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Category: Healthcare, Industrial, Investing 101, Net Lease Retail Tags: sale leaseback, Sale Leasebacks

What Is A Sale Leaseback?

A sale leaseback is a financing tool utilized by business owners in various industries. The process occurs when an owner sells their property and signs a lease with the buyer, who then obtains the property. The previous owner then begins paying rent to the buyer.


The use of a sale leaseback has become a crucial tactic for releasing hidden value and positioning a company for future expansion. This widely used financing tool enables owner-operators to release their locked-up cash and put it to better use. This capital return is fantastic for reinvesting in the company, funding expansion and additional locations, or even paying off debt.


Major Sale Leaseback Updates

Sale leasebacks are gaining more traction given the current economic climate of hiked interest rates and rising inflation. Although some external pressures seem to be leveling down, the Fed has stated that further rate rises are still on the table for the first half of 2023. As a result, corporate lenders are warier, reducing their available leverage and tightening requirements. According to GlobeSt, in 2022, the South had the most sale leaseback transactions, with 87, followed by the West, with 72, and the Northeast had the highest dollar volume of sale leaseback deals at $1.6 billion. A significant driver for sale leaseback activity thoughot the nation for the quarter was industrial, accounting for 58 percent of transactions in the quarter.


When it comes to sale leaseback transactions, most of the time, both parties are willing to work together and conduct more realistic discussions resulting in a win-win scenario. The specifics of sale leaseback deals can be changed to satisfy the needs of both sides. This means that the seller’s desired overall value consideration can be achieved by adjusting the cap rate and rental rates simultaneously while maintaining the buyer’s initial return on the property. Additionally, due to the ongoing partnership created by this kind of transaction, some leases may be altered in reaction to market changes, as has recently been the case with recurrent interest rate increases.


Various economic benefits explain the increase in popularity seen in 2022 and 2023 for sale leasebacks.


Sale leasebacks for Healthcare

Medical offices have taken over the world of healthcare real estate. The medical office sector is one of the most resilient asset classes, making it a favorite for investors. Medical office buildings have continued to excel despite economic volatility and have exhibited a steady rise in performance since 2021. According to H2C Securties Inc., Medical office building sales volume surpassed $3.3 billion in the first quarter of 2022 and $16.8 billion since the first quarter of 2021, setting a 12-month gross sales volume record.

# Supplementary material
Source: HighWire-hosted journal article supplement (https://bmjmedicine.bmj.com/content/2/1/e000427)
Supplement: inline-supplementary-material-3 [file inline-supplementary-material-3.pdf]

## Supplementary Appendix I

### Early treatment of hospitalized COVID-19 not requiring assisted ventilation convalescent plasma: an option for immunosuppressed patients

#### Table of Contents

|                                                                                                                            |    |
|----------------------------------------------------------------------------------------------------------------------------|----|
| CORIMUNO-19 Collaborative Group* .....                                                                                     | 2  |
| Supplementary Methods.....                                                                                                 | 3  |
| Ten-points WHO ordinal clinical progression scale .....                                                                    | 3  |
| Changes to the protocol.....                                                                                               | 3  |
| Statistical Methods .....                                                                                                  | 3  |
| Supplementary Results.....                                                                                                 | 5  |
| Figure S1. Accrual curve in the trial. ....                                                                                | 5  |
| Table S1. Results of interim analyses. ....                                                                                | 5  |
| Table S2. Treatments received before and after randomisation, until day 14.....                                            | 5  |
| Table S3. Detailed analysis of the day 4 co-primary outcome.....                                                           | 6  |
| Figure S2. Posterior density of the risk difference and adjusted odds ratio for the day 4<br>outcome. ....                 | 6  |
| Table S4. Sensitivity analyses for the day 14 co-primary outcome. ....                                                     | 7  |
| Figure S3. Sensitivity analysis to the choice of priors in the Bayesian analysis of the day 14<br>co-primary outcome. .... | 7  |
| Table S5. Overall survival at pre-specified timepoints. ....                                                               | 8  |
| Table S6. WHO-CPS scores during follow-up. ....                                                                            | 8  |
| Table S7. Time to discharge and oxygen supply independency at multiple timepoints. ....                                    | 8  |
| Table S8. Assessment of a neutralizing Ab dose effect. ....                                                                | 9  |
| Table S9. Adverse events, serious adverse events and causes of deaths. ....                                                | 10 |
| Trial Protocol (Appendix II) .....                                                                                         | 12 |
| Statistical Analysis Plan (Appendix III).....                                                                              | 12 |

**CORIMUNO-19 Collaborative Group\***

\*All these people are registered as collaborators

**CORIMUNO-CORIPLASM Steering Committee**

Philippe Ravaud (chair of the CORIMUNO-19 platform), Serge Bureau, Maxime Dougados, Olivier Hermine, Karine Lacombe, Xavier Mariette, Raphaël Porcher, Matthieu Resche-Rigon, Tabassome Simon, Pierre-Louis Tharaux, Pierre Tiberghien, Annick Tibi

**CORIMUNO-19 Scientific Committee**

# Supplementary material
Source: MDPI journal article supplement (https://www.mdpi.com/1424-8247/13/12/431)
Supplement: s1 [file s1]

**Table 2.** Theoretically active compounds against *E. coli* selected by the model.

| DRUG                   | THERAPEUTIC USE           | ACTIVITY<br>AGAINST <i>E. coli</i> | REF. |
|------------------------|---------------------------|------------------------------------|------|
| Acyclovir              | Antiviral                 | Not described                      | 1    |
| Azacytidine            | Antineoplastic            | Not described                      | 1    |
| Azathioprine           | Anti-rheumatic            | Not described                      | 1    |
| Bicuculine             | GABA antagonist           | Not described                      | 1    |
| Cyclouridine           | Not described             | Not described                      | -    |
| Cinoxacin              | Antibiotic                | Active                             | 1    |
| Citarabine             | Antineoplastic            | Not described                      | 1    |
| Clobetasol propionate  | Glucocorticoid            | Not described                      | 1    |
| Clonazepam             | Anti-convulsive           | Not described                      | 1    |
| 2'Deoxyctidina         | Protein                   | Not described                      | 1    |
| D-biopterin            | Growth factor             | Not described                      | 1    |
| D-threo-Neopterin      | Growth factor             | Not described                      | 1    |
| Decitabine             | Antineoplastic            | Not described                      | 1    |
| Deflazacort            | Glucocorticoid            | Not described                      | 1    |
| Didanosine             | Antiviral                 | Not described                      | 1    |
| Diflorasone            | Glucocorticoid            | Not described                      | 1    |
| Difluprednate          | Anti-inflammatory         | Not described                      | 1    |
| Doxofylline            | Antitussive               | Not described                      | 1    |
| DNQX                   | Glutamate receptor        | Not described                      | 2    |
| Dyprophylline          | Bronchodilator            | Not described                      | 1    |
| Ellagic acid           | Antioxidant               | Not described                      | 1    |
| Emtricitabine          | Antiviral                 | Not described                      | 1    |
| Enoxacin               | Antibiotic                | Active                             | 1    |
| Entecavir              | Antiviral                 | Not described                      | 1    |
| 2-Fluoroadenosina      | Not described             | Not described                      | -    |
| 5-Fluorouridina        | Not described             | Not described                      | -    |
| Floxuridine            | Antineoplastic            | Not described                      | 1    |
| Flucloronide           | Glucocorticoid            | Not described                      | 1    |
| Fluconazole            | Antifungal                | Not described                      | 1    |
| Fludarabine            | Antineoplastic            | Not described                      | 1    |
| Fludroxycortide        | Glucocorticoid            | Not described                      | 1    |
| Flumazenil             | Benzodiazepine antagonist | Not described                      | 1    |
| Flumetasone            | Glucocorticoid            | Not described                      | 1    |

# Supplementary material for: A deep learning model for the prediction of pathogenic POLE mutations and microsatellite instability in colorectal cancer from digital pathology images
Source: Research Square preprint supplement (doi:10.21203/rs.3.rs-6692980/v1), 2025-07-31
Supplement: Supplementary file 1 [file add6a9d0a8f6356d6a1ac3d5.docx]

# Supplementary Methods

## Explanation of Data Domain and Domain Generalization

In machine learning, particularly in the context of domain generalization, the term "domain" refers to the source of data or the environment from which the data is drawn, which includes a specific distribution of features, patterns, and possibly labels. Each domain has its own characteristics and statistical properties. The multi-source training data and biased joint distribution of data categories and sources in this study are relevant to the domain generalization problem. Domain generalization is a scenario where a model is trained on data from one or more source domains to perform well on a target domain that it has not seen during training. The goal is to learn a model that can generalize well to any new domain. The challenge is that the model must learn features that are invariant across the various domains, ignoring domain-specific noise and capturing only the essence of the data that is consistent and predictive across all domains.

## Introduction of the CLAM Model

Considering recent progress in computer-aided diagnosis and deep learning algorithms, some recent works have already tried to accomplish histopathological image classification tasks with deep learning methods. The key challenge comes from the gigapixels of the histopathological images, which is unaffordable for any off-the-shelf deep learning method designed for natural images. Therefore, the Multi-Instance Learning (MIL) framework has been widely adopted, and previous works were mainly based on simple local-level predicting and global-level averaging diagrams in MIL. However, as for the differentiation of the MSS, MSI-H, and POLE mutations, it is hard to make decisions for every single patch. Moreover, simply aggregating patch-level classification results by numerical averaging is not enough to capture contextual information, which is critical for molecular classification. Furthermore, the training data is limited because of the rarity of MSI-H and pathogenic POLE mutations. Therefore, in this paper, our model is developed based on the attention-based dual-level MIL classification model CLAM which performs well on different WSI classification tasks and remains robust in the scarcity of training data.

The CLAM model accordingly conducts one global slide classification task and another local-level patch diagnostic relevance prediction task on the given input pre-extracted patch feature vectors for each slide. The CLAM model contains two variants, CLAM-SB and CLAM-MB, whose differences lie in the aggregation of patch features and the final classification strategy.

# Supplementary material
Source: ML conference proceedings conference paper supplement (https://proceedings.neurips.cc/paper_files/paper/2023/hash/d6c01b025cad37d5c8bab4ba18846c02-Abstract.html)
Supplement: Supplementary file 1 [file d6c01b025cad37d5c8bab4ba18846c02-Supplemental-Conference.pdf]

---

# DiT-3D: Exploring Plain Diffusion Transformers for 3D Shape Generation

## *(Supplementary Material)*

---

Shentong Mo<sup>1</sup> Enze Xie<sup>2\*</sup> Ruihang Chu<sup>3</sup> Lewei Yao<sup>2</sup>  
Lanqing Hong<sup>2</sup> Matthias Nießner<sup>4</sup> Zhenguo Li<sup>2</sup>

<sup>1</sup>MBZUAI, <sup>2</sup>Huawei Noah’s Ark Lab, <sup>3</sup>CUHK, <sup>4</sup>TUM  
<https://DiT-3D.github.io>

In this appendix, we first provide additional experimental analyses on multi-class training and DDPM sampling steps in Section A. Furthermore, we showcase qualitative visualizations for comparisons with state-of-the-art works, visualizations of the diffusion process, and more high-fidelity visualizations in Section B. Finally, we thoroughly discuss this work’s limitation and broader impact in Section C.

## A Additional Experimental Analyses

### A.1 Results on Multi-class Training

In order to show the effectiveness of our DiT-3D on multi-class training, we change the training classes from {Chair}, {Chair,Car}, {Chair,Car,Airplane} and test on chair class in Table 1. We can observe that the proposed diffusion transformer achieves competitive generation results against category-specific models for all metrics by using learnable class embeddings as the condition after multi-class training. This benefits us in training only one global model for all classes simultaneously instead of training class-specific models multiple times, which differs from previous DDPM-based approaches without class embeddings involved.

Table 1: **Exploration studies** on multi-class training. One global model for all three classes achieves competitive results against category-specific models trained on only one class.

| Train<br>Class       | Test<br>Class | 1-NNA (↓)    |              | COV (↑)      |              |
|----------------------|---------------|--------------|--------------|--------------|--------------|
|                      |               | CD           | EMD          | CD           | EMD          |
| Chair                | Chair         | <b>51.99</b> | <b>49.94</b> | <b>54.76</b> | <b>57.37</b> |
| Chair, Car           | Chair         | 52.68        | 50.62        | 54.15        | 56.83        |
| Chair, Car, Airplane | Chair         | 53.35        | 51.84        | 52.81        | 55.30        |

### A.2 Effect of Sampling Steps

For healthcare properties, a sale leaseback occurs when a physician group that owns the property sells to a third party, like a private equity company or REIT. As MOBs continue to prosper, a sale leaseback deal can effectively reduce risk and enable owners to collect capital immediately; a crucial consideration as cap rates are expected to suffer due to the current lending environment.


Sale leasebacks for Industrial

The opportunity to free up capital is the main justification for an owner to take part in a sale leaseback for an industrial warehouse. Any debt that is paid off with the sale of the industrial warehouse clears the liabilities side of the seller’s balance sheet. As a result, the lessee’s debt financing process will be straightforward because the debt-to-equity ratio is more desirable. With a lower debt-to-equity ratio, the business can immediately raise funds, improving the capital structure’s appearance to lenders.


There were over 397 industrial sale leaseback transactions in the first half of 2022, a 5 percent increase compared to the same time in 2021.


Sale Leasebacks for Retail

By selling the real estate at the base of the transaction and changing their status from landlords to renters, sale leasebacks enable retailers to acquire funds without closing down outlets. On the one hand, the sale can reveal the company’s hidden value. On the other, the assumed lease adds an additional source of debt that burdens a company’s finances.


Sale leasebacks may not always be the best choice for owners or investors. Still, for some, sale leasebacks enable them to reinvest the proceeds of the sale back into their company, resulting in a significantly higher return on capital. Getting the money out of the original investment could be required if an operator wishes to add new units rapidly. A sale leaseback helps owners save costs while carrying on with their business in the location and manner they like, regardless of whether they require the funds to upgrade equipment, pay off business debt, or for various other reasons.



With private equity firms positioning sale leasebacks as a tool to generate higher returns, high-profile corporations are utilizing them as a financing option for expanding their business or increasing the bottom line. This year is an excellent time and economic climate to consider if a sale leaseback is suitable for your property type.

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